(

*Mathematics - Affine Geometry)*
**The theorem**
For an arbitrary

triangle *ABC* and an arbitrary point

*Q*,
let

*A'* be the

midpoint of the side opposite of

*A*,

*B'* the midpoint of the side opposite of

*B*,

*C'* the

midpoint of the side opposite of

*C*,

*a* the line passing

*A'* parallel to

*l*_{AQ},

*b* the

line passing

*B'* parallel to

*l*_{BQ},

*c* the line passing

*C'* parallel to

*l*_{CQ}.

- The lines
*a*, *b*, *c* are concurrent at a point *P*.
- The centroid
*G* of triangle *ABC* lies on *l*_{PQ} and
2(*P* - *G*) = *G* - *Q*.

**Diagram**
P C
| \ a /\
b| \ / \
| /\ \
| / \ \
| / \ \
B'./ \. A'
/ \
/ \
/ \
/ \
/ \
/ C' \
A-----------------.-----------------B
\ |
\ |
\ |
\ |
\ |
\ |
\ |
\ |
\ |
\ |
\ |
\|
Q

(lines *l*_{CQ} and *c* omitted to avoid clutter)
**Preliminary observations**
One of the preliminary results needed to prove this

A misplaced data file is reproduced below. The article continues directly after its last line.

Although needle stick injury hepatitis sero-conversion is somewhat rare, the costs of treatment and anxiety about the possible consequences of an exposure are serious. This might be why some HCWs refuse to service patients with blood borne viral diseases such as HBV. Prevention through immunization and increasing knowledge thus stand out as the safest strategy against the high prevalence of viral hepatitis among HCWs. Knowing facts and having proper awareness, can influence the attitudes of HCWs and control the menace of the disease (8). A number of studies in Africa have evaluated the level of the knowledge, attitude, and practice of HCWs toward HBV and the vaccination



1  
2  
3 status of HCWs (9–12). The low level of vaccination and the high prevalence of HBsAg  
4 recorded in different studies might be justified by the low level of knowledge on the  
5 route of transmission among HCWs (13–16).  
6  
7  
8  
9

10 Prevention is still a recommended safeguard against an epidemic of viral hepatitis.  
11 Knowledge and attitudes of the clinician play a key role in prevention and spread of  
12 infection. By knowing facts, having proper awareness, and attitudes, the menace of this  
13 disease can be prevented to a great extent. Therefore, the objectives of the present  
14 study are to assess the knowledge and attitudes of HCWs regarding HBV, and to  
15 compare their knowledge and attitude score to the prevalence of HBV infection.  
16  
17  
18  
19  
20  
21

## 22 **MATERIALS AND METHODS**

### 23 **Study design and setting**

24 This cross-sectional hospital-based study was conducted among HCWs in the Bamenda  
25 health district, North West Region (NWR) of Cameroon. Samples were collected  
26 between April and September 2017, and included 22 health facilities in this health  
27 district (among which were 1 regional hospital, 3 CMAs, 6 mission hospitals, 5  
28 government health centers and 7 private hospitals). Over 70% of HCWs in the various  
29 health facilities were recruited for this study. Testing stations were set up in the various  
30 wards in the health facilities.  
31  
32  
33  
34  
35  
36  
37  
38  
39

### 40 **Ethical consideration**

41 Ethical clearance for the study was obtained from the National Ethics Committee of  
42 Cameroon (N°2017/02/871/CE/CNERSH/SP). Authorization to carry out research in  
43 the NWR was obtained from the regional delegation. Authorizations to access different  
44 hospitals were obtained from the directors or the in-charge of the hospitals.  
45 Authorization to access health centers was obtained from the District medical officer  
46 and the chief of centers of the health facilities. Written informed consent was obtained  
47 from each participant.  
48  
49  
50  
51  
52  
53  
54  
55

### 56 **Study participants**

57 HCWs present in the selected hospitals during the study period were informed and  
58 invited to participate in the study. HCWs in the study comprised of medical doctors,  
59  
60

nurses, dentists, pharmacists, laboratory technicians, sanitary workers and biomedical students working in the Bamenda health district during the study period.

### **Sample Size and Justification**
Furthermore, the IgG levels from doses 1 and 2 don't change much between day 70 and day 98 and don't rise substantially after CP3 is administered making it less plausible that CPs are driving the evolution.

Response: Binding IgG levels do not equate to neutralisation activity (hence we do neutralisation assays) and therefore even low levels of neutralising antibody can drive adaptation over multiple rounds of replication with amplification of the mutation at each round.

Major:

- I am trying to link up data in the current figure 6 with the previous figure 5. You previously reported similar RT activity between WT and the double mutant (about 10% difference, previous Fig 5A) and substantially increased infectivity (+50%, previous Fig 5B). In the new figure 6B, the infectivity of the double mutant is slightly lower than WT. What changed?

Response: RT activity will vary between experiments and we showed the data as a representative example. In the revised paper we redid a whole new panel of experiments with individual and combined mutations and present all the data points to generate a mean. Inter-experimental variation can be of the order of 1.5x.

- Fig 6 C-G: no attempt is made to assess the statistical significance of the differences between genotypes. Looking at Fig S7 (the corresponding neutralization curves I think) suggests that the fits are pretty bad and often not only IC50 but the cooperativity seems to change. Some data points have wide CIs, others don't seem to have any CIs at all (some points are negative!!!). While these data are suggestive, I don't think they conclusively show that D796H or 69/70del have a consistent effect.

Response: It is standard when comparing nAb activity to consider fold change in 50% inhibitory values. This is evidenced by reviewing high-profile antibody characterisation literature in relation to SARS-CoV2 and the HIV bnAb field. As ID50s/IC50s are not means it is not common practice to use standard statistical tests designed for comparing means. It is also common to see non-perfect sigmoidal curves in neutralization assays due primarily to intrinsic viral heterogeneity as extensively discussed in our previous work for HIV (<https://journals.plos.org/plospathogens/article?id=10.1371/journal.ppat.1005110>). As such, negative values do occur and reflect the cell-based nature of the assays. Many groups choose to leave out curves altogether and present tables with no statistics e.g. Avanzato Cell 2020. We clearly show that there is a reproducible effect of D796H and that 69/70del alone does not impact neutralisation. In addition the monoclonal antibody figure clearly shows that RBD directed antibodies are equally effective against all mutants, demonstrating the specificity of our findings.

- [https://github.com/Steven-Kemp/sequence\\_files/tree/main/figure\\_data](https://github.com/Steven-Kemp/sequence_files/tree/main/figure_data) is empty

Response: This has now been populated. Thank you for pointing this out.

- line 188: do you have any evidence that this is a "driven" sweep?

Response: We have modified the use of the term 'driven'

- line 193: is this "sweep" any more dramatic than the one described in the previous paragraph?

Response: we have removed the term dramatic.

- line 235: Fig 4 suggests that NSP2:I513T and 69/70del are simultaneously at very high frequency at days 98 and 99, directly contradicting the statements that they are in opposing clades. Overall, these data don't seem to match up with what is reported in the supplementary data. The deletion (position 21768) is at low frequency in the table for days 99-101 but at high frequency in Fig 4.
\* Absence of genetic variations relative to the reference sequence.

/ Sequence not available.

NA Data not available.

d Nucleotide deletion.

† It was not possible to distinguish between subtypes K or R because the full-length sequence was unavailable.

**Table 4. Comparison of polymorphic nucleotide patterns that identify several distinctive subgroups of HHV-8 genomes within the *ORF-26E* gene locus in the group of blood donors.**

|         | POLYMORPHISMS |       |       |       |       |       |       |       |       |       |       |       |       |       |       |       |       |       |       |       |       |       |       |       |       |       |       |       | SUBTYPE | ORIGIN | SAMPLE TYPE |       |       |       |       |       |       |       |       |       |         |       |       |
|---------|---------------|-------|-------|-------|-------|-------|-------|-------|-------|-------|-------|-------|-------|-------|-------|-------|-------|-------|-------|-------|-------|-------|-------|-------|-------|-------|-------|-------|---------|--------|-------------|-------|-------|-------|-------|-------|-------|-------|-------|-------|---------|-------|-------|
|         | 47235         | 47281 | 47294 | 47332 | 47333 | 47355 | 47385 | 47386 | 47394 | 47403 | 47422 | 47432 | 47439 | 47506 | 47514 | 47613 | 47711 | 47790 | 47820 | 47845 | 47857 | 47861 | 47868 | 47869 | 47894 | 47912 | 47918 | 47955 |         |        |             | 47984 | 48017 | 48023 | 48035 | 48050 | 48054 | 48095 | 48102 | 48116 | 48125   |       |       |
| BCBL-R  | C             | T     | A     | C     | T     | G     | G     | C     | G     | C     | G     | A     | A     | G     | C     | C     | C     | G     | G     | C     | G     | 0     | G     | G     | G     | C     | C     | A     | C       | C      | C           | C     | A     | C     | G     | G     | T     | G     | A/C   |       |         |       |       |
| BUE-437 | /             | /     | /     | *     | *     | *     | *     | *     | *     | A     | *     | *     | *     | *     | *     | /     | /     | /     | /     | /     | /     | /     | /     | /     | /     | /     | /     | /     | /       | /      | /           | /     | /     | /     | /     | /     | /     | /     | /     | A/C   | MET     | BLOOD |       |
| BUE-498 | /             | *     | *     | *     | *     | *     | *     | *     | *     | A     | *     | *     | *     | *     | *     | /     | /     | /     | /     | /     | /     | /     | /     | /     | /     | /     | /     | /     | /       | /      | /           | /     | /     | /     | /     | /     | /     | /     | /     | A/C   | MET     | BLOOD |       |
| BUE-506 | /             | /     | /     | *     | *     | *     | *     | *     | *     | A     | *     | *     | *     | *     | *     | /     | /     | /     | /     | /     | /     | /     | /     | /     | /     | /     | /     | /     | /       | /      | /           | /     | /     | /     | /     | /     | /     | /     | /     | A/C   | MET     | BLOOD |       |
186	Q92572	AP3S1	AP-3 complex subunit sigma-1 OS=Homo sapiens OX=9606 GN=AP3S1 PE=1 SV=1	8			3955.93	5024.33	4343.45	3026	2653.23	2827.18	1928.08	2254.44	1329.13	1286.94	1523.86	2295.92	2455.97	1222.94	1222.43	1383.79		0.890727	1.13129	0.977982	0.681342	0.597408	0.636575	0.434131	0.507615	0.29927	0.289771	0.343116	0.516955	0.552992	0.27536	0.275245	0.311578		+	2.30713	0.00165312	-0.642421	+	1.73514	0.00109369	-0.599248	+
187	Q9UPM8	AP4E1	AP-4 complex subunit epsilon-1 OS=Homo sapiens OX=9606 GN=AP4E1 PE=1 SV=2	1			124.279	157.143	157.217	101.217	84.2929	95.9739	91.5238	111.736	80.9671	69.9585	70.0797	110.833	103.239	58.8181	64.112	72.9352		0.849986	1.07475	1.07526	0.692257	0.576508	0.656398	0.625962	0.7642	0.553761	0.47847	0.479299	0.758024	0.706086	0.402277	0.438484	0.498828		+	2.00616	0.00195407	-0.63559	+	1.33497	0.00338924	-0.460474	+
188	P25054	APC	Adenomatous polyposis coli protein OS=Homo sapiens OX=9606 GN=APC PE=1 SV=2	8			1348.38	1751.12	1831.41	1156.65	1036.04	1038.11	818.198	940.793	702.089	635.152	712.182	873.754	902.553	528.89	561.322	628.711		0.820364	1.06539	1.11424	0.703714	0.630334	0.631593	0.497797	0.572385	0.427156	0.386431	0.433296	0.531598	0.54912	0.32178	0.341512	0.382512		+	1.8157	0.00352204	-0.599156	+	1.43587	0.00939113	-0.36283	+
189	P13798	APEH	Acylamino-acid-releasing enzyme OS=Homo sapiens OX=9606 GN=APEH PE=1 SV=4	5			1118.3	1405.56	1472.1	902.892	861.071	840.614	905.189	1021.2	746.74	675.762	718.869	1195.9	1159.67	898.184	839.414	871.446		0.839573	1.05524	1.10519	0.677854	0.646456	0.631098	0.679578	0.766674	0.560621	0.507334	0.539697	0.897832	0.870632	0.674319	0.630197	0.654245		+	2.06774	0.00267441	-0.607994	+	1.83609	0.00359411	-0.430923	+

theorem is that a

central dilatation is a

collineation (a

bijection that maps lines into lines). A tedious grinding through

algebra shows this.

Another observation needed is the location of the

centroid *G* of a

triangle *ABC*.

*G* = (1/3)(*A* + *B* + *C*)
(*see: centroid*)

*G* = (1/3)*A* + (2/3)(1/2)(*B* + *C*)

This shows that

*G* lies on the

line that passes through

*A* (

*see: equation for a line in Affine Geometry*) and

*A'* = (1/2)(

*B* +

*C*), and also that the distance from

*G* to

*A* is 1/2 the distance from

*G* to

*A'*.

**Proof**
The

central dilatation
*δ*_{G,-1/2} maps

triangle *ABC* into

triangle *A'B'C'* due to the location of the

centroid as mentioned.
The

central dilatation also maps
lines

*l*_{AQ},

*l*_{BQ}, and

*l*_{CQ} into

*a*,

*b*, and

*c* since they are parallel.
Hence

*δ*_{G,-1/2}(

*Q*) must lie on all three lines

*a*,

*b*, and

*c*, which is the

concurrent point

*P*.
Since

*δ*_{G,-1/2}(

*Q*) =

*P*, it follows that (

*P* -

*G*) = (-1/2)(

*Q* -

*G*).

Q.E.D.
__Result__
This theorem shows that the

centroid, the

orthocenter, and the

circumcenter of a

triangle are

collinear and lies on the

Euler line when the line exists because each

altitude is

parallel to the

perpendicular bisector of the same side of a

triangle.